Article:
It’s quiet in the Maine Wildlife Park. Too quiet.
I’m sitting in my Docent-at-a-Distance booth across from the Visirors’ Center on the pathway people take to see the animals. I’m not busy. Nobody wants the information the sign outside my window offers. The clumps of people pass me by, hardly sparing a glance for me. Sometimes a child, curious about everything, notices me, and I wave and smile at her (or him, but mostly her). They can’t see my smile, because I’m wearing a mask with a lot of pictures of animals on it. The fabric has moose and foxes on it. The mask was made for me by one of the Gatehouse attendants. It’s great for me because it has long strings that I tie on top of my head and at the back of my neck. (Sometimes I wear a mask with ear loops, but I wear hearing aids and glasses that bend around my ears. Too much metal behind my ears, and the loops get under all of it and when I take them out my glasses slip and the hearing aids do too. But all of us who volunteer or work at the Park are under strict orders to wear masks.)
I’d say about 75% of the visitors are wearing masks too. Not many of the littlest kids do, and there are a lot of little kids. You have to make advance reservations to get into the Park, although you pay at the Gatehouse. If you had to pay in advance, I’d imagine there would be fewer no-shows, although there are precious few of those.
When the Park finally opened to visitors, in June, we only admitted 10 people every fifteen minutes. Now, in August, we allow fifteen people per fifteen minutes. But no busses. Last year we had as many as fifteen buses, each loaded with kids and camp counselors or teachers. The Park was filled with mostly middle school aged yelling, running, excited kids, freed from their classrooms and classroom discipline. (All bets were off with camp groups, accompanied by disinterested counselors.)
It was wild. But this year, strangely, I miss it. It’s quiet in the Park. Too quiet.
The Snack Shack is often closed, this year, for lack of volunteers. The Shack is reconfigured now; you can’t go inside. You stand outside a plexiglass window, and point to what you want from a display behind the window, and the attendant has to go get your choice. Most of our Snack Shack volunteers are in their golden years; how they manage to serve the long lines of kids buying penny candies in exchange for grubby twenty-dollar bills is beyond me. (They all seem to have twenty-dollar bills. Or credit cards, which the Snack Shack can’t accept.)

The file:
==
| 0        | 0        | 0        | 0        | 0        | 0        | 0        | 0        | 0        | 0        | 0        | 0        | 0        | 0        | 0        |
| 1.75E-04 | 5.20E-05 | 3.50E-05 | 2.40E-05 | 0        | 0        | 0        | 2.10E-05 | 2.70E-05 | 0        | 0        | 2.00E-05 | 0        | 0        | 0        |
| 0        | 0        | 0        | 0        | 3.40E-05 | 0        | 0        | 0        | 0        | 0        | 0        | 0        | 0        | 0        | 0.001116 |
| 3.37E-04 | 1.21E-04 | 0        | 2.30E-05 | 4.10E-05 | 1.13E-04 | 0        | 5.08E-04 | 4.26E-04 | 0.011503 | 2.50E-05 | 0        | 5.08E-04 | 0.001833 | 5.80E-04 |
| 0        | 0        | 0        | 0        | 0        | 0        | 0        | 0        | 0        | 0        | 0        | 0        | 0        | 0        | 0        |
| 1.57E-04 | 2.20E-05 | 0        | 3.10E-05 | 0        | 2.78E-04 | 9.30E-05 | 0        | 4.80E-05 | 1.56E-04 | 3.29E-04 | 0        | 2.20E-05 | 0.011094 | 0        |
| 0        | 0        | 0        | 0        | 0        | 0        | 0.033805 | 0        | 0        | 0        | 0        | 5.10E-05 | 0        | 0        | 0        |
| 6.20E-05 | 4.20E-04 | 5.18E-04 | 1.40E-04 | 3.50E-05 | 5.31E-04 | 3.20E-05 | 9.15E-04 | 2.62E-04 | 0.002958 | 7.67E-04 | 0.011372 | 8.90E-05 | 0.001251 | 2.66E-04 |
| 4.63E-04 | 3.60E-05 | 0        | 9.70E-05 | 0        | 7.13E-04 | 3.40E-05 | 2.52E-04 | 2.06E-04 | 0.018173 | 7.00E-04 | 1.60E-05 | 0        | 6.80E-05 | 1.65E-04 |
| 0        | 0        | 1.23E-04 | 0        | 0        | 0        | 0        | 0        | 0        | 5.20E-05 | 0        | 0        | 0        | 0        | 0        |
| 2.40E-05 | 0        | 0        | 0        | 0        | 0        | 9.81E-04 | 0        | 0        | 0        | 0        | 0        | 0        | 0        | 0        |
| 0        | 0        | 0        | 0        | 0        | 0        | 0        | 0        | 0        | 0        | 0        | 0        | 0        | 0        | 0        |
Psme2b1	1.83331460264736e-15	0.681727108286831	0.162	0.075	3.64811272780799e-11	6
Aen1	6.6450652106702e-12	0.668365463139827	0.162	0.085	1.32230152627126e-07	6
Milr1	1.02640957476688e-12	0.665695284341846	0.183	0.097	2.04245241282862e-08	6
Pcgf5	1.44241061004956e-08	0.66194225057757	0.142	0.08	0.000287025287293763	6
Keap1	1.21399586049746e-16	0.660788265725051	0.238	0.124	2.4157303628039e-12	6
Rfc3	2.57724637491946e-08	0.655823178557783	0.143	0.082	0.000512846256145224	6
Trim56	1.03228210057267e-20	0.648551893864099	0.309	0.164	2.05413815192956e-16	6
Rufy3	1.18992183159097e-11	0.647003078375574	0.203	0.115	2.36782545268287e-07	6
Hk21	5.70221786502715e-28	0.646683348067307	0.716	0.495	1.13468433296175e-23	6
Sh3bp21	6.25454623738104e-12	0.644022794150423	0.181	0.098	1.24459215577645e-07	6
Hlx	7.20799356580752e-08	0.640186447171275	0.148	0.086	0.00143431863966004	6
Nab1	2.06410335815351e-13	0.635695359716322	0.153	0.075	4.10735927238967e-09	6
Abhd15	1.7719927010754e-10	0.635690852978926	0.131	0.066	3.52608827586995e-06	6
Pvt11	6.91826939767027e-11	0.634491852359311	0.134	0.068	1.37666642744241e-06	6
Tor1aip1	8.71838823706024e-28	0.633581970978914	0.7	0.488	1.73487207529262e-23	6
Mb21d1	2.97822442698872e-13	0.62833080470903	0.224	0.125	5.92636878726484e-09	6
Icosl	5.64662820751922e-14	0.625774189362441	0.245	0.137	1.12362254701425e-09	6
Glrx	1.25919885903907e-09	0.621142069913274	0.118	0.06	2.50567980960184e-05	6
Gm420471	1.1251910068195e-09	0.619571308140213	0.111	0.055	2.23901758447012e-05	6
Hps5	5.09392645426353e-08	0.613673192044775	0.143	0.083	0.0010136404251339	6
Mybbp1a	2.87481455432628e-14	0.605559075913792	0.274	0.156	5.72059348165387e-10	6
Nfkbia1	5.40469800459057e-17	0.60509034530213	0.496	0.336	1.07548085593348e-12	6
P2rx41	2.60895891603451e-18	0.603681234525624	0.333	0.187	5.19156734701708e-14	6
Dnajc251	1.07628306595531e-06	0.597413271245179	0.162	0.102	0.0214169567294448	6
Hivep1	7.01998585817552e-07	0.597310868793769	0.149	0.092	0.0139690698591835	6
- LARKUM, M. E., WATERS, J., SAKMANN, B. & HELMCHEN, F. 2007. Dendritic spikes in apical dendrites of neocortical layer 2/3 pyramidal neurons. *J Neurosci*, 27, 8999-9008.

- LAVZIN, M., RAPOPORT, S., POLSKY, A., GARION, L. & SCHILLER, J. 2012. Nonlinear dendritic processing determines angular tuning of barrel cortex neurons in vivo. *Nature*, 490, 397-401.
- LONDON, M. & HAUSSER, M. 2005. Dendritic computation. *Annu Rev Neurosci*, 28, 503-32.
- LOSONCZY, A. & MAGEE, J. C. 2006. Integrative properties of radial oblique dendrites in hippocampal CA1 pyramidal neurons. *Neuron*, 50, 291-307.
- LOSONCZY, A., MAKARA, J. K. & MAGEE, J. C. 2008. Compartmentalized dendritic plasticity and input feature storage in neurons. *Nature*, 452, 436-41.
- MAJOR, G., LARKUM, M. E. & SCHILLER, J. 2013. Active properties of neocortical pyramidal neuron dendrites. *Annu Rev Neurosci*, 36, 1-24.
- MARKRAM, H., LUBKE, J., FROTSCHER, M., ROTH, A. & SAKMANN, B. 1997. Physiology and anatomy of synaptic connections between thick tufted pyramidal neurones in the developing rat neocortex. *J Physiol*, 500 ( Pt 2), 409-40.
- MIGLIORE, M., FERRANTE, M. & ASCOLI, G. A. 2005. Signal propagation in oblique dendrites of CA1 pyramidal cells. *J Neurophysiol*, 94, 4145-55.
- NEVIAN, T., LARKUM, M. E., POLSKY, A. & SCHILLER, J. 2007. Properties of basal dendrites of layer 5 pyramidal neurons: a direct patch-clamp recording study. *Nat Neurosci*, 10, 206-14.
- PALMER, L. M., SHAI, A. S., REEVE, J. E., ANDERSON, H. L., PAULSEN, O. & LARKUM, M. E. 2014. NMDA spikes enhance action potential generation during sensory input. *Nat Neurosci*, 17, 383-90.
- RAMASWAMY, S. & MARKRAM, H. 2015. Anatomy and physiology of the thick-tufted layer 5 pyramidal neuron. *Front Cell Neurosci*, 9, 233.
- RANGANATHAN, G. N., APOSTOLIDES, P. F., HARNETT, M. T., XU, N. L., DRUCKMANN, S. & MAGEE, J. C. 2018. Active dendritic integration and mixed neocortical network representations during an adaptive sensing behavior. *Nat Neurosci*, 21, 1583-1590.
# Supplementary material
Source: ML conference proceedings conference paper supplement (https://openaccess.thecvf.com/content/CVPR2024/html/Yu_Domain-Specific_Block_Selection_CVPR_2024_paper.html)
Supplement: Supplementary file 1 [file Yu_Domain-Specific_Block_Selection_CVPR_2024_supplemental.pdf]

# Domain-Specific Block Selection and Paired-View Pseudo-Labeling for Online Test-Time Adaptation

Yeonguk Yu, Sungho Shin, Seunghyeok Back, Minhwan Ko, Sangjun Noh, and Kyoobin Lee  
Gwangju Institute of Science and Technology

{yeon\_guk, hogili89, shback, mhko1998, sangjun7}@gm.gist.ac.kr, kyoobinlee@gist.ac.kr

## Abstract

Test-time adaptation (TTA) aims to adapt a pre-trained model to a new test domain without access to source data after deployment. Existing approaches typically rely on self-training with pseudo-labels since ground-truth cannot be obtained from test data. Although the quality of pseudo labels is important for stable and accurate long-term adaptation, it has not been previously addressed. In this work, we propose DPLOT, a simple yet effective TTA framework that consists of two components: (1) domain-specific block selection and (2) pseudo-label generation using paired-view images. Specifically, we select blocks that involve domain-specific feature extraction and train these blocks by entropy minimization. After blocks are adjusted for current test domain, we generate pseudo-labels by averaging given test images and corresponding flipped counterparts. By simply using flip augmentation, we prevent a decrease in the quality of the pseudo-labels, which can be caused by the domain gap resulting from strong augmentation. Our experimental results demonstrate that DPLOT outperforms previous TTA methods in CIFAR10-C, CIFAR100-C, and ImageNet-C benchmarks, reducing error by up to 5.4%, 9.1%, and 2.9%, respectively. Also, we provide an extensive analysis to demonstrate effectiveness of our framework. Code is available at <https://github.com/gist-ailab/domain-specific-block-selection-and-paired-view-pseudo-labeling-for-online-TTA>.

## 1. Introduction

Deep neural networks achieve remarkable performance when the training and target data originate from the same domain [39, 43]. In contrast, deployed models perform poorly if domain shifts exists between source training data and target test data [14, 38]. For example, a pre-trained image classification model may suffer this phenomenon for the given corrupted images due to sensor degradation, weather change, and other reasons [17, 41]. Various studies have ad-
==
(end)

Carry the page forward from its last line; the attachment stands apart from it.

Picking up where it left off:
So the Park is quiet, serene, even.
The animals, of course, don’t seem to notice the difference. They don’t wear masks. And they aren’t subject to social distancing. The mountain lions, brother and sister, cuddle in their rocky cave, and the porcupines, one black, one white, munch their lunches together quite happily. The moose tend to ignore each other, although that will change in the fall. The female red fox somehow broke her leg, so badly she had it amputated. Now, oddly, she climbs into a tree in her habitat and snoozes aloft. When I’m guiding school groups, I tell them that gray foxes climb trees and red foxes don’t. Wild animals are always doing things they’re not supposed to do.
Anyway, the Park is coping with coronavirus quite well, thank you. The staff are very conscientious about social distancing, hand washing and wearing masks. They’re too busy to enjoy the peace and quiet.
Behind their masks, though, they miss the hullabaloo of excited children.
They really do.
by Ray Clark
Volunteer, the Maine Wildlife Park